The COVID-19 pandemic pressures paints and coatings

We expect an acceleration of the ongoing consolidation in paints and coatings due to a COVID-19 pandemic demand shock in transportation equipment as one of its major end markets. Consequently, the declining profitability and liquidity and the increase in debt are expected to extend and accelerate. These characteristics increase the takeover probability; in this respect, the COVID-19 pandemic acts as a catalyst for consolidation. We still predict high M&A activity for the fertilizers and plastics processing subsectors, but with a more moderate impact due to the COVID-19 pandemic.

The COVID-19 pandemic will affect the other specialty subsectors (Figure 5), particularly the catalysts subsegment with its high dependence on automotive. The strong demand shock in transportation equipment and consumer durables and apparel is driven by the fact that both private and industrial customers are postponing cash-intensive investments. Demand in transportation equipment and consumer durables and apparel is expected to decline by more than 10% and 5%, respectively, in 2020.

Figure 5: Sales of chemicals subsectors by end-user industry, 2019
Figure 5: Sales of chemicals subsectors by end-user industry, 2019

Oil down …

Since the beginning of 2020, oil prices have plummeted around 35%, driven by the COVID-19 pandemic demand shock. Even more unprecedented, the WTI price went negative in the spring in the middle of oil disputes between Russia and Saudi Arabia (Figure 6). The COVID-19 pandemic is expected to impact the time at which the oil demand will peak.

Figure 6: Crude oil price in US$ per bbl
Figure 6: Crude oil price in US$ per bbl

The oil price collapse will only reinforce the ongoing trend of oil companies shifting away from hydrocarbon dependency toward future-proof business models. One option could be to move downstream — a strategy suggested by pure-play petrochemicals, which have been less severely hit by the crisis than the oil majors with integrated petrochemical subsidiaries (share prices: BP and Shell at –40% and –45% year to date, respectively, vs. –18% at pure-play petrochemicals, as shown in Figure 8).

… M&A up

The movement away from hydrocarbon dependency can take different shapes and is likely to trigger M&A. BP divested its petrochemical units and focused on low-carbon ventures. Another example of a major M&A-driven downstream integration is the Saudi Aramco/SABIC merger last year.

Investors benefit from chemicals slump

The devastating effects of the COVID-19 pandemic on business have caused significant decreases in company valuations. We predict that well-funded investors will benefit from the drop in chemicals valuations that hit particular commodities (Figure 7) and US companies (Figure 8). These investors will range from strategic buyers, PE (as soon as debt financing returns to quasi-normal) and hedge funds, to state-owned enterprises.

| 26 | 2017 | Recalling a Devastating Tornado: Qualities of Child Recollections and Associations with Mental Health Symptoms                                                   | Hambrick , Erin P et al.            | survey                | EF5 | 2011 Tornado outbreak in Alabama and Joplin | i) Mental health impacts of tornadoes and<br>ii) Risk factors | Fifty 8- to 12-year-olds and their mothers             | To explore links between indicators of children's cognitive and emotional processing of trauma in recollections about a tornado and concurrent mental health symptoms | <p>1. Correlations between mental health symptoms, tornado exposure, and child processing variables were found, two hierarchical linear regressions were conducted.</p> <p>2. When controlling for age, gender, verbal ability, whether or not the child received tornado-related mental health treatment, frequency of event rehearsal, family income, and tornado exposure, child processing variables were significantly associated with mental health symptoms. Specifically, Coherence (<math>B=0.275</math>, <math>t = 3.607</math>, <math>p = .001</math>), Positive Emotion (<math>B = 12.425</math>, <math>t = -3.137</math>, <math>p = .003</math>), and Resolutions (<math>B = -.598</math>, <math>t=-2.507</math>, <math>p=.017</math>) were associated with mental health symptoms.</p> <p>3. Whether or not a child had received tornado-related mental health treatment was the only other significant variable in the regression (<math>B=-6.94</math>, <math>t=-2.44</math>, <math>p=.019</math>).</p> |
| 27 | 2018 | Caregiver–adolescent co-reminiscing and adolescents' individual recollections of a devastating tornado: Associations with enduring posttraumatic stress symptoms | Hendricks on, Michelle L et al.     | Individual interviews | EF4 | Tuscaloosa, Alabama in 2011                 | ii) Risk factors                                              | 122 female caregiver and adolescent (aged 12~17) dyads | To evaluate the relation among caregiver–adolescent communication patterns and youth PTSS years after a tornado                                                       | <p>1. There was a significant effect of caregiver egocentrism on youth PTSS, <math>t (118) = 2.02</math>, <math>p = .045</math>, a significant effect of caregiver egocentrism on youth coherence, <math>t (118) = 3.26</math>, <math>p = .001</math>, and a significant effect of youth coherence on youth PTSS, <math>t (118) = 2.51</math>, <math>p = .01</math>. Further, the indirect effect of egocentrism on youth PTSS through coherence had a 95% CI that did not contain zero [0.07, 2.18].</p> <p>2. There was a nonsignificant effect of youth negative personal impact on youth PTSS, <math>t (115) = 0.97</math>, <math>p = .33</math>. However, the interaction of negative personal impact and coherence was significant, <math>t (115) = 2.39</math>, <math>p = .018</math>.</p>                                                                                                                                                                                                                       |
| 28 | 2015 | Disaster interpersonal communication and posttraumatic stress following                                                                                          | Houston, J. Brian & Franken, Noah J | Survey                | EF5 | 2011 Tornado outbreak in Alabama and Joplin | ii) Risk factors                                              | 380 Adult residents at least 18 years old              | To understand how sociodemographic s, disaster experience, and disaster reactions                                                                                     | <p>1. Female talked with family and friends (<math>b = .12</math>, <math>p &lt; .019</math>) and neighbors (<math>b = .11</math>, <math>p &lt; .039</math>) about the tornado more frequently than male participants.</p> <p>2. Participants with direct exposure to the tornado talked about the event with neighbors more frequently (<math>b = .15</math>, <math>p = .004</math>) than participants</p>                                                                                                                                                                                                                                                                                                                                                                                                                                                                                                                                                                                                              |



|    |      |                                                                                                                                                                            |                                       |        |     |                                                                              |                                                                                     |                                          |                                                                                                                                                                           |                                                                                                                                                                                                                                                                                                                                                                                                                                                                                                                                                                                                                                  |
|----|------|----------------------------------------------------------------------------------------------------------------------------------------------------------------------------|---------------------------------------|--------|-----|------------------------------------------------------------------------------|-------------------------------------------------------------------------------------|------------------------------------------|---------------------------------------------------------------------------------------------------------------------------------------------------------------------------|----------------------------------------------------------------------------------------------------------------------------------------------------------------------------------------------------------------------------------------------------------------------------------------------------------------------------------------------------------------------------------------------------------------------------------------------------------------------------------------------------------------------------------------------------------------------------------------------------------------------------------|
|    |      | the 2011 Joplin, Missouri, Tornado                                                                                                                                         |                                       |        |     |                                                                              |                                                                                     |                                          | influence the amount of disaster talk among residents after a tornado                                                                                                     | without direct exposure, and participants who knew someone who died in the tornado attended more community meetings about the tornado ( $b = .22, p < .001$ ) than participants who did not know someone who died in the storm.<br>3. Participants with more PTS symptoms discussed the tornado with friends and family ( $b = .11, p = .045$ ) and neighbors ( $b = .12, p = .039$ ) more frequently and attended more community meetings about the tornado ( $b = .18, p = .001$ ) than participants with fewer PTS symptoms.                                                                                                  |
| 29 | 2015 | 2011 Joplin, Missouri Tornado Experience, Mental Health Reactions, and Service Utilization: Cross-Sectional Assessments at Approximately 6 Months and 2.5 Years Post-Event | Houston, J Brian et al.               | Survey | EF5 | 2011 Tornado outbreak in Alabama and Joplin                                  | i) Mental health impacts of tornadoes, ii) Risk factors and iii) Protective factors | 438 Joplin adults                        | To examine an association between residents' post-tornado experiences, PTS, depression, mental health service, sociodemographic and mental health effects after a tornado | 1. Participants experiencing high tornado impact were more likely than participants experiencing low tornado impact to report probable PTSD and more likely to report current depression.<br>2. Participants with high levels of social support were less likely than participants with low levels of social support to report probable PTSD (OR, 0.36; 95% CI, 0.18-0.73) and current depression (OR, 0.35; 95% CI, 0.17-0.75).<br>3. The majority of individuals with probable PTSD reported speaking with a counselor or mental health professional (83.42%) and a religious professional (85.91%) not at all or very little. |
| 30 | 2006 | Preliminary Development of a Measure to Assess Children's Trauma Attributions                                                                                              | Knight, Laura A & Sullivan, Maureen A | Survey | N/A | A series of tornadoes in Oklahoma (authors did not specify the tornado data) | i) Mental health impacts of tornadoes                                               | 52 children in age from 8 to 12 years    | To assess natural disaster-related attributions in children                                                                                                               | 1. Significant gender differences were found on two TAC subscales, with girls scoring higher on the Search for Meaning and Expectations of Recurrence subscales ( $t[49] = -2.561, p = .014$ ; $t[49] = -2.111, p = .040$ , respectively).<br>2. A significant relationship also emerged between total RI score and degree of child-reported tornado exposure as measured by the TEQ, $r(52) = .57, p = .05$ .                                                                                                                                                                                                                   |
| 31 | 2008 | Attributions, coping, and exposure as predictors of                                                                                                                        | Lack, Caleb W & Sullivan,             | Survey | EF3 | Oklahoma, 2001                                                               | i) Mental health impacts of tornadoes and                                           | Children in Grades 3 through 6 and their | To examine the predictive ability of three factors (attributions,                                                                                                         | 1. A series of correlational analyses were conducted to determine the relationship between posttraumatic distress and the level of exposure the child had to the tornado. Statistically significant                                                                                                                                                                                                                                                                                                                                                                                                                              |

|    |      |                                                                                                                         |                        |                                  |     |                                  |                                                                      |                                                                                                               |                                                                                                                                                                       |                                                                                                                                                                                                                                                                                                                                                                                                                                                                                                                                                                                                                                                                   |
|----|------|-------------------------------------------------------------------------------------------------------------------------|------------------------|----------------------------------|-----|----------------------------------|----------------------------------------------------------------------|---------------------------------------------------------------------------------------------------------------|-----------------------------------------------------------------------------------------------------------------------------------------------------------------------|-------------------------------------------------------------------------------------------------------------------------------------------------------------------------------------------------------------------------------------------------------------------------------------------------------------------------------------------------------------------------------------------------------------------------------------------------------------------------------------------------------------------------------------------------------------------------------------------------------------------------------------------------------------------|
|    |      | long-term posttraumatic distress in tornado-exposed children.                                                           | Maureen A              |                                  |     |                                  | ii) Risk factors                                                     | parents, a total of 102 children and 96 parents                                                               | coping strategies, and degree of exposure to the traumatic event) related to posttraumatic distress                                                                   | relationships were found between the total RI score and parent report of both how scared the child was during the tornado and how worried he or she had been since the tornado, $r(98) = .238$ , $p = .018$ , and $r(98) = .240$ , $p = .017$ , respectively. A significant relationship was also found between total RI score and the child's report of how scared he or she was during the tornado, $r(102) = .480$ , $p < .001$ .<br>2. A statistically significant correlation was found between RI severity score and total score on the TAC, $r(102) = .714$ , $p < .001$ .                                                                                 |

Figure 7: Market capitalization between 2 January 2020 and 28 June 2020, as a percentage average of the largest 700 public chemical companies (by subsector)
Figure 7: Market capitalization between 2 January 2020 and 28 June 2020, as a percentage average of the largest 700 public chemical companies (by subsector)
Figure 8: Development of market capitalization as an average of the 700 largest public chemical companies per region, change in percentage compared to 2 January 2020
Figure 8: Development of market capitalization as an average of the 700 largest public chemical companies per region, change in percentage compared to 2 January 2020

However, we see the current market more as a sellers’ market (compared with other sectors), as chemicals has not been hit as hard as consumer services or aviation, for example.

Opportunities still exist, with chemical majors streamlining their portfolios, in the small to midsized markets. It is here that we find companies, already under financial pressure before the crisis, with the COVID-19 pandemic intensifying their distress. On the buyer side, there are many interested investors. A study among PE managers conducted by the Finance Private Equity Panel showed the value indicating their tactical positioning (1 equals seller, 10 equals buyer) rises to 6.8 points, the highest value since mid-2010.⁹ As the past shows, crisis years are often the best time to buy. Buyout funds reached, in 2000–02 and 2009–10, the highest net money multiples of the last 20 years (Figure 9).

Figure 9: Net money multiples of buyout funds (global, all industries)
Figure 9: Net money multiples of buyout funds (global, all industries)

Daniel Riegler, Dr. Otto Schulz, Gabriela-Maria Baum-D’Ambra and Vladislav Kulikov of EY-Parthenon authored this article.

  • Show article references

    1. EY-Parthenon analysis, 2020.
    2. EY-Parthenon analysis, 2020.
    3. EY-Parthenon analysis, 2020.
    4. The analysis includes M&A deals with the status closed or announced. The time of a transaction refers to the date of the announcement.
    5. EY-Parthenon analysis, 2020.
    6. We have identified the factors that influence the probability of a chemical company to be acquired. The results are based on regression analysis on transaction data from 1999 to 2019. We calculated the influence of these factors on the takeover probability for every chemical company.
    7. Factors are at significance levels of 10% or better.
    8. Source: Finance Private Equity Panel — Spring 2020.

Summary

EY-Parthenon summarize global M&A activity in the chemicals sector over the past year and preview what deal activity might look like in 2020 and beyond. Overall, EY-Parthenon expect a significant decline in megadeals and cross-border-related M&A due to COVID-19. However, financial distress has historically been a major driver of M&A activity because of attractive company valuations.

About this article

Authors
Otto Schulz

Partner, Strategy and Transactions, EY-Parthenon GmbH

Physicist with 25 years’ experience in chemicals strategy consulting. Focused on delivering value potential through innovation, growth and sustainability.

Daniel Riegler

EY EMEIA Sell and Separate Leader

Strategic consultant with great enthusiasm for his work. Enjoys spending time with wife and three children. Loves to go fly fishing in the Alps.